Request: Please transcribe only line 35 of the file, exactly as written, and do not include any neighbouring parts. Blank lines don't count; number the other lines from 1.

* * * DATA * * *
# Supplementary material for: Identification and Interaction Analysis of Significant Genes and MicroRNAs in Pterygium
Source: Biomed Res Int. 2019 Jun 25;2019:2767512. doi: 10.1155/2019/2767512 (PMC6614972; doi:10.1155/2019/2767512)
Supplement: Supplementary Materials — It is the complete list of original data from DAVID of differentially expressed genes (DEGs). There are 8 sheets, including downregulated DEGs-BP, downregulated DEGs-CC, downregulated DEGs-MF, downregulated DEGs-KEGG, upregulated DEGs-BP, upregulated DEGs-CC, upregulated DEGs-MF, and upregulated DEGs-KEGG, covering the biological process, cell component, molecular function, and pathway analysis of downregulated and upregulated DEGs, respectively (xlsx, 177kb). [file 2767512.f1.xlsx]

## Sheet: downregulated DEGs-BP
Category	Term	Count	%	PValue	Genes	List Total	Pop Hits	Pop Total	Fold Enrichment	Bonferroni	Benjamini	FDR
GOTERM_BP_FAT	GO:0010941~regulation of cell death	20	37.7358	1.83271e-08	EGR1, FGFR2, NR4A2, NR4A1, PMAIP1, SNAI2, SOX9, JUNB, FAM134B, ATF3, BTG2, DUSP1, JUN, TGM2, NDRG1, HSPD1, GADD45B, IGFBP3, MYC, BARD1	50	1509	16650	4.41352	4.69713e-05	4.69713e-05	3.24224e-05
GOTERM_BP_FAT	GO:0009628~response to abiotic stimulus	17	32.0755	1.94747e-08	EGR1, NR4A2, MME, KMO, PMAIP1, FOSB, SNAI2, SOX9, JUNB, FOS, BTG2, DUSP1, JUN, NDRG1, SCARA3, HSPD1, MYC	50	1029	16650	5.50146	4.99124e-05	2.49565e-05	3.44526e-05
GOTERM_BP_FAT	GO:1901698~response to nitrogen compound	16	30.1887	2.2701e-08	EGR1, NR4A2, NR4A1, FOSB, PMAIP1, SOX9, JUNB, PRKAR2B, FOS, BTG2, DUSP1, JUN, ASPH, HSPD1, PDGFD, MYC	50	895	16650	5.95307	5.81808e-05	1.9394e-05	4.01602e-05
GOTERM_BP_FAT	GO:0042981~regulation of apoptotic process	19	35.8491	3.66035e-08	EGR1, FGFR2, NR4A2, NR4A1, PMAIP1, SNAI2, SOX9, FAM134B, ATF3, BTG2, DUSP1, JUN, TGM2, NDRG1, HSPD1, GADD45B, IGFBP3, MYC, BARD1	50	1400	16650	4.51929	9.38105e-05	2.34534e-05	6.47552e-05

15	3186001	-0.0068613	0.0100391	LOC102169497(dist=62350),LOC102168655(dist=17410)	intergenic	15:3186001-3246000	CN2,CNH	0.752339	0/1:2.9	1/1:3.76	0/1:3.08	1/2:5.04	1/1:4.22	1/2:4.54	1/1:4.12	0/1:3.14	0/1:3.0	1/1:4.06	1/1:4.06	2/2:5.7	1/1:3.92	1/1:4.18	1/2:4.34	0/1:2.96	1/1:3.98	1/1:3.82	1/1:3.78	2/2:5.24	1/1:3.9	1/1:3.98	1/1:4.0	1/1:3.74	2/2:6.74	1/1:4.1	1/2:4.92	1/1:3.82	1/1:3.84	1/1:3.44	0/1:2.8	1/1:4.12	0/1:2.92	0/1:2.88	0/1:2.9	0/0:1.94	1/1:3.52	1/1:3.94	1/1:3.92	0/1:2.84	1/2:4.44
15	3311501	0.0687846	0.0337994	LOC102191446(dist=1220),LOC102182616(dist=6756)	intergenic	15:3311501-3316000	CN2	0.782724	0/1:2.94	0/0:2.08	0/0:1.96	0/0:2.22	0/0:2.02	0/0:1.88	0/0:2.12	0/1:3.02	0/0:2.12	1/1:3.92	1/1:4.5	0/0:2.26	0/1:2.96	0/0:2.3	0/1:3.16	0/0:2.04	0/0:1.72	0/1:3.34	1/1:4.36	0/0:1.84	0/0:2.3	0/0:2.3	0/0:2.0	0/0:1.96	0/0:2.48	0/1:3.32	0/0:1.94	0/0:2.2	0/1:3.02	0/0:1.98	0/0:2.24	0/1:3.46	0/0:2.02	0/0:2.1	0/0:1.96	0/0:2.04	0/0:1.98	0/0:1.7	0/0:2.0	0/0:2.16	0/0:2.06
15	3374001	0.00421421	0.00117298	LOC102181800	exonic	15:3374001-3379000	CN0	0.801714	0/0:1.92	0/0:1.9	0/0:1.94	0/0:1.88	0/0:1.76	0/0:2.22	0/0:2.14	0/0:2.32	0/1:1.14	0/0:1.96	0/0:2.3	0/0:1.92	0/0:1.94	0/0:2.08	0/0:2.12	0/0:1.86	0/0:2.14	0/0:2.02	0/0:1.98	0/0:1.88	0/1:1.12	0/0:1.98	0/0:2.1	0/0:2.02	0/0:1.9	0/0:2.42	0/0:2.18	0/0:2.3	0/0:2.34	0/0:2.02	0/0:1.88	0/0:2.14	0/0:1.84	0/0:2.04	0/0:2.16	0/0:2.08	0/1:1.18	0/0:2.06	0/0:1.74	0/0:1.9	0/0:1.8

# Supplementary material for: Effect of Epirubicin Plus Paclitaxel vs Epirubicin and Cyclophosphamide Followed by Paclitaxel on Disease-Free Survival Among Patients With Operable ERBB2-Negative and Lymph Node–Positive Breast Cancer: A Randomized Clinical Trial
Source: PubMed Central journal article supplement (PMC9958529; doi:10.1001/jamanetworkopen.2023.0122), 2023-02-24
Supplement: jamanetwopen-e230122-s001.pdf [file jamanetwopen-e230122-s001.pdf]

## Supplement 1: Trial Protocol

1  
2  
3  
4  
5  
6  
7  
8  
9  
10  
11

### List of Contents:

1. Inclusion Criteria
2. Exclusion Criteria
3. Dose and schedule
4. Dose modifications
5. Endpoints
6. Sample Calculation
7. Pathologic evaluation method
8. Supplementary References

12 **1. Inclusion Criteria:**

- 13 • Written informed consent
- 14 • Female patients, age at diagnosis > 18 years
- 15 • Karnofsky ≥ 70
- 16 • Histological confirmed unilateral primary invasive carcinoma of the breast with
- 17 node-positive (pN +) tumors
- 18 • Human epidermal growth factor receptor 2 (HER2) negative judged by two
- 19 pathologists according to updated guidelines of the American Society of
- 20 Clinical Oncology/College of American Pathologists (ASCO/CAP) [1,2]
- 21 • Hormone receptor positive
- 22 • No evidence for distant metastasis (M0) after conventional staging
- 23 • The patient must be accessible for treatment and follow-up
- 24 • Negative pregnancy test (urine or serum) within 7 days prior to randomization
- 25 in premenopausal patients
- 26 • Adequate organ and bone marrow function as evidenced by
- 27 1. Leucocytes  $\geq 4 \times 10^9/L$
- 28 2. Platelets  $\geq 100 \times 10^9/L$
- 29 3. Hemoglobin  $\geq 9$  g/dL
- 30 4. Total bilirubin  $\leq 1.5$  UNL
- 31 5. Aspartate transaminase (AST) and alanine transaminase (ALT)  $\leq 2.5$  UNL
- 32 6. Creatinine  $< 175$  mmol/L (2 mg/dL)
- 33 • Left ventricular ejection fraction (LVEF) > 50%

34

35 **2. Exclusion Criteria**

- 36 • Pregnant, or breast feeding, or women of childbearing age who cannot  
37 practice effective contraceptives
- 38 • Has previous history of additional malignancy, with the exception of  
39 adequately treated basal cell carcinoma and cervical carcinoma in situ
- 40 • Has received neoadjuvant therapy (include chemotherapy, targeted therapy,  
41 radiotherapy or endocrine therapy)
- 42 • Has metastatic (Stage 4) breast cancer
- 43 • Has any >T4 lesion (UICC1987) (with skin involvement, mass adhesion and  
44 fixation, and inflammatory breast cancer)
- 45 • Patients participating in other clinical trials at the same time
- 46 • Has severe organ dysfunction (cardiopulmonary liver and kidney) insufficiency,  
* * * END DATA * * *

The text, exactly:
7. Pathologic evaluation method